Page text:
More Dogs on Main: A couple of successes
The reality of agriculture is that the ranch can no longer support multiple generations of an extended family
The Summit County Council took a couple of actions recently that will have an impact for generations to come. The first was the option agreement to purchase the Ure Ranch in Kamas. The second was deciding to quit wasting time negotiating with Dakota Pacific and pack the whole rotten mess off to court. There’s never a sure outcome in a court case but after a couple of years of legislative shenanigans, that’s the best option. Even local GOP leaders were disgusted by the actions of the Legislature in trying to force this deal and end local control.
Something, someday, will get built on the Dakota Pacific land. It’s not conservation land given what’s already happened around it. The county and Park City already spent $16 million years ago buying the portions of it that seemed to have preservation values. The rest of it won’t remain Potgut squirrel habitat no matter how nice that would be for traffic management. What gets built there is the question. Dakota Pacific bought it zoned and approved for an office park. After the plague hit, nobody is going back to the office anywhere. With local housing prices where they are, almost all the workers would have to commute from Salt Lake. That’s not a great recruitment point when hiring, and the tech industry action is all in Draper and Lehi. The office park concept seemed dubious when Dakota Pacific bought it, and like a bushel of last year’s peaches, it isn’t aging well.
Dakota Pacific asked to rezone it and put forth a couple of proposals for different uses. The public hated both. The county made a good-faith effort to see if it could make something work; dangling affordable housing sugarplums in front of local governments usually gets stuff approved. But it didn’t get approved. It has been mired in planning purgatory for years. The county’s position finally seemed to boil down to this: It’s not Summit County’s obligation to fix a business deal that didn’t work out as planned.
Dakota Pacific could have sued the county, and chose not to. That’s an indication that their counsel seemed to think they didn’t have a case. Instead, they pulled off another legislative trick. In the final minutes of voting on a larger land use package, a new bill was substituted in. That was pushed by a representative from Cache Valley named Casey Snider. Snider may never have been to Kimball Junction, but was willing to use the power of the Legislature to push through a law that applies to only that patch of dirt, and nowhere else in the state. It feels like a denial of equal application of laws because it is.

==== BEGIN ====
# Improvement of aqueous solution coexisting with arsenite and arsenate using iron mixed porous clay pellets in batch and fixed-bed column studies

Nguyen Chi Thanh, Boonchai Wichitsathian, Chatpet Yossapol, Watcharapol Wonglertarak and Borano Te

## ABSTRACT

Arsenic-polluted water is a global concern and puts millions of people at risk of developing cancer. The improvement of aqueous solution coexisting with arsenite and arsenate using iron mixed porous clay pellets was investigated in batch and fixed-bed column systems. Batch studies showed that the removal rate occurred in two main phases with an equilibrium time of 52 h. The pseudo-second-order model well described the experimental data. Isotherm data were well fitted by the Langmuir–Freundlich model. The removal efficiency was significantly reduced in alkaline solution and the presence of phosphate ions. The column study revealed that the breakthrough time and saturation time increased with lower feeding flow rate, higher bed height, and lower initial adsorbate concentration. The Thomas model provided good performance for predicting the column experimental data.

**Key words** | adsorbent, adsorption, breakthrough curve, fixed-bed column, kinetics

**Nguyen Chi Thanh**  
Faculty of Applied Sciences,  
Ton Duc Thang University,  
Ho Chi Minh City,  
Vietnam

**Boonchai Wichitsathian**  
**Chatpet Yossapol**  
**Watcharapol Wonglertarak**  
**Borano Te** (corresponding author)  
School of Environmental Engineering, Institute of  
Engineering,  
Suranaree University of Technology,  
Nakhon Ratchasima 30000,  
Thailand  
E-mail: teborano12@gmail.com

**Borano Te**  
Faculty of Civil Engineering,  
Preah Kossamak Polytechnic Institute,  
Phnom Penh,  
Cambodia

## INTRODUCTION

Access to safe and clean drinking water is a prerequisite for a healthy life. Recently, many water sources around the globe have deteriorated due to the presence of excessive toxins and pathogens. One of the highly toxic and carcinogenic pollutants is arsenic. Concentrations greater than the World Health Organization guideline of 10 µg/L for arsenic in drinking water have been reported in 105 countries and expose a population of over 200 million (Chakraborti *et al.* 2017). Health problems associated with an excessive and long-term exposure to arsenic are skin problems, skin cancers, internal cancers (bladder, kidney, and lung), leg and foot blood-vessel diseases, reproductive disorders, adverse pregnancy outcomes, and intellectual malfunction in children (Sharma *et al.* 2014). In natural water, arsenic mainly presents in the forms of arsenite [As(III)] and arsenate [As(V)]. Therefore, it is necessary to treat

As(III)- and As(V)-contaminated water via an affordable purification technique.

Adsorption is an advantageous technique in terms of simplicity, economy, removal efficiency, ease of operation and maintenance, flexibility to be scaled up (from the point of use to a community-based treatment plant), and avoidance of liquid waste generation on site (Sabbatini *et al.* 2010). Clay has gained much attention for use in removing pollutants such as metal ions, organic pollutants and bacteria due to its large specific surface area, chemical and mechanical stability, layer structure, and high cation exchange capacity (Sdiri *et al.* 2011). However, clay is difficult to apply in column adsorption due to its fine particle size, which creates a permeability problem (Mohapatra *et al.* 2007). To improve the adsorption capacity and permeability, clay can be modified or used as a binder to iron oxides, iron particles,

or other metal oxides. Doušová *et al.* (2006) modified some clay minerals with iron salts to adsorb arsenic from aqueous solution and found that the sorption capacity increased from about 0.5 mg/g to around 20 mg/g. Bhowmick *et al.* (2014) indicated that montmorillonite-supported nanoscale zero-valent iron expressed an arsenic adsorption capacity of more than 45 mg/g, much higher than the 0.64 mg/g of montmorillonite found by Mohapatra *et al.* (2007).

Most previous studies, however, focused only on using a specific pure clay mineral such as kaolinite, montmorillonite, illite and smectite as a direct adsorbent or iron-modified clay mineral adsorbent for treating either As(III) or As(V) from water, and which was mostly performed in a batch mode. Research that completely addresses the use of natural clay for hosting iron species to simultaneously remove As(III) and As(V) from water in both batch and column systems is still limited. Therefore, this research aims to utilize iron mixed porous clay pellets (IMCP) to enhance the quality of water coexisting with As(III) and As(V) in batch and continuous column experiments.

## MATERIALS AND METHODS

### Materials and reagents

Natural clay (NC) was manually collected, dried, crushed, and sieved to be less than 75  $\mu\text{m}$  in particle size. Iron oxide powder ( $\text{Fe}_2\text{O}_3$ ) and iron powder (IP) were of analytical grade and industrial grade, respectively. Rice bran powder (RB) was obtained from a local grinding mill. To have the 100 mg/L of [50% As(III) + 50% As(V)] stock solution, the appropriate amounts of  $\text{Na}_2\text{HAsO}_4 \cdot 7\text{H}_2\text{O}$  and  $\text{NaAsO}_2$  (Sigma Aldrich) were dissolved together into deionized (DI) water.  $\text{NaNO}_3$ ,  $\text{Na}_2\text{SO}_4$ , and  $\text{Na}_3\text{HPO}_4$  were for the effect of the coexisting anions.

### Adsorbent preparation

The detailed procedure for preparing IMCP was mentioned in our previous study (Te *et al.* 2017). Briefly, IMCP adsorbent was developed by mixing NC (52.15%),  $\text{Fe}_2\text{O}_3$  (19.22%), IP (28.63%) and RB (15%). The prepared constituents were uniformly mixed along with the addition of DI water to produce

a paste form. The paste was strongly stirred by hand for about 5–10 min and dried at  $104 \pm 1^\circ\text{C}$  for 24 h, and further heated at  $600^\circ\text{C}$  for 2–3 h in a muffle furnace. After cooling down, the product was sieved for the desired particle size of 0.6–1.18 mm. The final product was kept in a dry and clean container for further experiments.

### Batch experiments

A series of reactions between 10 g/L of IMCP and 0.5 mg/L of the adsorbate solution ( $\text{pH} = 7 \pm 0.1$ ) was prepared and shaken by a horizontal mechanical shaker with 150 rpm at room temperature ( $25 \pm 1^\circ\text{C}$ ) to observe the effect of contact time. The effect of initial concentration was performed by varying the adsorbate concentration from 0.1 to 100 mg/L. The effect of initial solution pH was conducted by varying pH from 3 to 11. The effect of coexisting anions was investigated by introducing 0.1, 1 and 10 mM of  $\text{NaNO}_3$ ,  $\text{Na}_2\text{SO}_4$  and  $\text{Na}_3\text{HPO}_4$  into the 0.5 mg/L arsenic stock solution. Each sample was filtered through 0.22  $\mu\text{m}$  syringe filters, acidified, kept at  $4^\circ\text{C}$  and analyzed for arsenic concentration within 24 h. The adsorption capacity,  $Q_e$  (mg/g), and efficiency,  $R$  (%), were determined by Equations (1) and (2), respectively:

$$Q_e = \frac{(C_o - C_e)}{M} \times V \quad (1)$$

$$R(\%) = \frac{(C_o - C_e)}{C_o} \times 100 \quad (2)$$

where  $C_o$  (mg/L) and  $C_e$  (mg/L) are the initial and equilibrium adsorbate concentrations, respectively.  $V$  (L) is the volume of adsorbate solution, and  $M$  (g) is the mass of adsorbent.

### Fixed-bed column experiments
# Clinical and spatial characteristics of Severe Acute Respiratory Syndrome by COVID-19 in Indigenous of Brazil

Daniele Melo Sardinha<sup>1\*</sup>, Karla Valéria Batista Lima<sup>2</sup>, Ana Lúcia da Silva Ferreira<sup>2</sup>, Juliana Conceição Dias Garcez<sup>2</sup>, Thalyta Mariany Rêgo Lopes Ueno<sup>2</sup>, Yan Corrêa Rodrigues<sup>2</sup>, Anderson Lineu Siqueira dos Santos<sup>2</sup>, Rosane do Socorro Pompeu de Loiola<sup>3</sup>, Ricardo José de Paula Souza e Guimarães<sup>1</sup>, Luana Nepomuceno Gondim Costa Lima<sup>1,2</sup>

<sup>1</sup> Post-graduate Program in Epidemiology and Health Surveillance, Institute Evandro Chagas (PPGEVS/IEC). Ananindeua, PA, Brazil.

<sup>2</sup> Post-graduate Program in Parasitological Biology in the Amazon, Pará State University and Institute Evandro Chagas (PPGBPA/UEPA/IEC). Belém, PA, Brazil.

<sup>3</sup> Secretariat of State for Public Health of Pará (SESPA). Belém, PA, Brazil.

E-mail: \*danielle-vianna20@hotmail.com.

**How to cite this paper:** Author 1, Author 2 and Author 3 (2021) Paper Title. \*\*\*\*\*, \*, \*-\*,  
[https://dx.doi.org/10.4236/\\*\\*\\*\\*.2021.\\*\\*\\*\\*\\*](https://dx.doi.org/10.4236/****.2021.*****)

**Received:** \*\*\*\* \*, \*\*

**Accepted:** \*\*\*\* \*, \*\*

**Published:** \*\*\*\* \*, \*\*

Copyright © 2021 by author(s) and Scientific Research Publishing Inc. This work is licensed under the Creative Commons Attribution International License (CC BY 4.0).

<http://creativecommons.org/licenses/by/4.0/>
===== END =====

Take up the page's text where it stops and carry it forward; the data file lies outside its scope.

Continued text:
That kind of corrupt cronyism has come to define the Republican dominated Utah Legislature. Legislation is often compared to sausage-making, and the line is that you don’t want to see the sausage being made. But even sausage-makers have a limit on the amount of b.s. they put into the mix. The Utah Legislature? Not so much. Not for special friends.
So the County sued, claiming the whole “fix” was unconstitutional. It’s about damn time. One thing we might want to consider is that next year, Rep. Snider is up for reelection. There’s an opportunity there for Summit County residents, who have no more connection to Cache County than Snider has to Kimball Junction, to return his favor and generously fund the campaign of anybody running against him.
The Ure Ranch purchase, however, is a great thing on many levels. The Ure family has owned that ranch for generations, and like anybody who has worked a piece of land for that long, they have the deep connection to it that only a farm family can fully understand. The reality of agriculture is that the ranch can no longer support multiple generations of an extended family. Many wanted nothing to do with the operation of the ranch — it’s hard, dirty work with little economic return. The value of the land far exceeds anything that an agricultural operation can support. For a long time, Ures have been looking for a solution that allowed an exit for those family members not active in the ranching operation, but at the same time preserved the land.
So from the family perspective, this is a win, though the ranching operation likely ends up moving anyway. To make an economically viable operation, they had operated on adjoining leased land that has since become a bunch of trophy homes. The cattle will move on, but the county, with Ures’ help, have taken a huge step to preserve the Kamas Meadow and Weber River watershed. The County previously bought an easement over 99 acres of the meadow in Marion. Additional pieces will follow. Maybe the South Summit School District will trade its wetland school site for some of the non-conservation land in the Ure purchase. They could preserve more of the meadow and build a new high school in the process.
The stretch of open land from 248 north to Rockport is the heart of the Weber River watershed. A million or so people rely on it for drinking water, including you, most likely. Visually, it defines the Kamas Valley. Hydrologically, it is a great big aquifer that can’t be replaced. It shouldn’t be covered by trophy homes.
Good things are happening. Congratulations and thanks to all involved.
Guest editorial: Utahns pressing for climate action
Utahns have already felt the impacts of a warming climate with a mega-drought, air pollution, an increase in wildfires and threatened fisheries.
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